Weight Loss Pills

Weight Loss Pills

Table of Contents

What are Weight Loss Pills?

Weight Loss pills are a wide range of prescription and over-the-counter supplements that are typically designed to help reduce body weight or control it. Because diet pills interfere with how the body functions, it eventually affects weight by suppressing appetite, increasing metabolism, or preventing fat absorption.

These forms of diet pills are often called anorectic or anorexiant drugs, appetite suppressants, or anti-obesity medication. It is good to note that prescription diet pills are considered a Schedule III or IV under the Controlled Substances Act. This exists to prevent the act of abusing diet pills, and instead, keep their use to those who need them. Despite this, abusing diet pills continues to happen in the United States.

What Conditions are They Used For?

Although diet pill abuse happens, there are actual medical reasons for using weight loss pills. Common reasons your doctor may consider prescribing weight-loss drugs are often because you have already attempted to lose weight through diet and exercise. The following criteria should also be met:

A body mass index (BMI) greater than 30

A BMI greater than 27 and have serious medical problems related to obesity, such as diabetes or high blood pressure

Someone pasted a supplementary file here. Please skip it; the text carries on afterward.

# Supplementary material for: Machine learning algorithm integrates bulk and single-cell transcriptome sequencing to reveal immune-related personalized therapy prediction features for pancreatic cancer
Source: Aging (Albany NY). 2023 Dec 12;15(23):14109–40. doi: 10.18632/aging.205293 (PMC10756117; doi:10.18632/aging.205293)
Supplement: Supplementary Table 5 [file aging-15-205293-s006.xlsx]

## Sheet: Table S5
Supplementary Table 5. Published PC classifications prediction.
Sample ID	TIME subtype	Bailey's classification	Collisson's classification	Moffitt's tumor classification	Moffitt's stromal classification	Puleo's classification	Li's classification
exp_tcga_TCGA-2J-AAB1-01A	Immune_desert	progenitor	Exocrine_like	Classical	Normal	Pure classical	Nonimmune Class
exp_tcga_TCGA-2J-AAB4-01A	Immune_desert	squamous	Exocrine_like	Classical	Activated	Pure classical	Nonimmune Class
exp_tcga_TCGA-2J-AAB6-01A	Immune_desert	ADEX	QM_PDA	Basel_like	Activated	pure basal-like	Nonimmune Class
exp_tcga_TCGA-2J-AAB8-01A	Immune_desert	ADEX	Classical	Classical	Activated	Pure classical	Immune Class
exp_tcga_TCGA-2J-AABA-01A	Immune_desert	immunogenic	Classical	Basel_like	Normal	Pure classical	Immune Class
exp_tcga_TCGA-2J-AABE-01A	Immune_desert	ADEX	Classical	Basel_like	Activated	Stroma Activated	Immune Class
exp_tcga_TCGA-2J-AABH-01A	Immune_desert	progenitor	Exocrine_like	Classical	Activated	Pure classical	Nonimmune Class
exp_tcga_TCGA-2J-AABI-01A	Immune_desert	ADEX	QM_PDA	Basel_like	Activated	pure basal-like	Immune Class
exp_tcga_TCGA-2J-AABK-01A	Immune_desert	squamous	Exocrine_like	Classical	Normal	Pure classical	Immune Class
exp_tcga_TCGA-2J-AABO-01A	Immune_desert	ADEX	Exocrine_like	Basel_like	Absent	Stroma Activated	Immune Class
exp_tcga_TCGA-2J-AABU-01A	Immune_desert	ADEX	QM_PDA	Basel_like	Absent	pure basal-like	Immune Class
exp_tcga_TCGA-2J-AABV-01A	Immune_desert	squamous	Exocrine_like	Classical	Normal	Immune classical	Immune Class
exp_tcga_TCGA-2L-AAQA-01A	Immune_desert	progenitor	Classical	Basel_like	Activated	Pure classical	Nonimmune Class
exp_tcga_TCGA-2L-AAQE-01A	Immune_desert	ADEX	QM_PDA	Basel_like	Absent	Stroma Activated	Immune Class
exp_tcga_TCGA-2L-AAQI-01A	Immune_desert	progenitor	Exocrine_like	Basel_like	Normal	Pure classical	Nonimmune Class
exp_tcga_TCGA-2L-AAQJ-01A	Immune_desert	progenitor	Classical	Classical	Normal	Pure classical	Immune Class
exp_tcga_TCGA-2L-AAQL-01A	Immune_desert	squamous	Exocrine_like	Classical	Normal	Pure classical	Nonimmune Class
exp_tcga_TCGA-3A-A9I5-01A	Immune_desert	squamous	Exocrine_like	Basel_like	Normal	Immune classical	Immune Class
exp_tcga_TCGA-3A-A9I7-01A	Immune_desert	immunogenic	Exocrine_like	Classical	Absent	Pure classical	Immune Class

Before doctors prescribe this medication, you will be inspected for possible side effects or potential interactions with medications you are currently taking. This is because weight loss medications should not be used by everyone. Specifically, women who are pregnant or trying to become pregnant, or breast-feeding women should not use weight-loss drugs.

What Diet Pills are Approved by the FDA?

Four diet pills are approved by the FDA, these include bupropion-naltrexone (Contrave), liraglutide (Saxenda), orlistat (Xenical), and phentermine-topiramate (Qsymia).

Almost all of these drugs work to decrease appetite or increase feelings of fullness. However, the medication orlistat works by interfering with the absorption of fat.

Types of Weight Loss Pills

Bupropion-Naltrexone

This is a combination drug. Naltrexone is typically used to treat alcohol and opioid dependence, while bupropion is an antidepressant. Bupropion can also be used to help with quitting smoking. Similar to other antidepressants, bupropion carries a warning about suicide risk. Bupropion-naltrexone can also raise blood pressure, which means you must be monitored by a doctor when using it. Side effects of Bupropion-Naltrexone include nausea, headache, and constipation.

Liraglutide

Often used to manage diabetes, Liraglutide is different from other weight-loss drugs because it is administered by injection. Side effects of this drug primarily include nausea, and vomiting can occur as well.

Orlistat

Known for causing gastrointestinal issues, flatulence and loose stools are common. You also must follow a low-fat diet when using Orlistat. It is available in a reduced-strength form without a prescription called Alli but should be done with extreme caution. In rare cases, serious liver problems have been reported.

Phentermine-Topiramate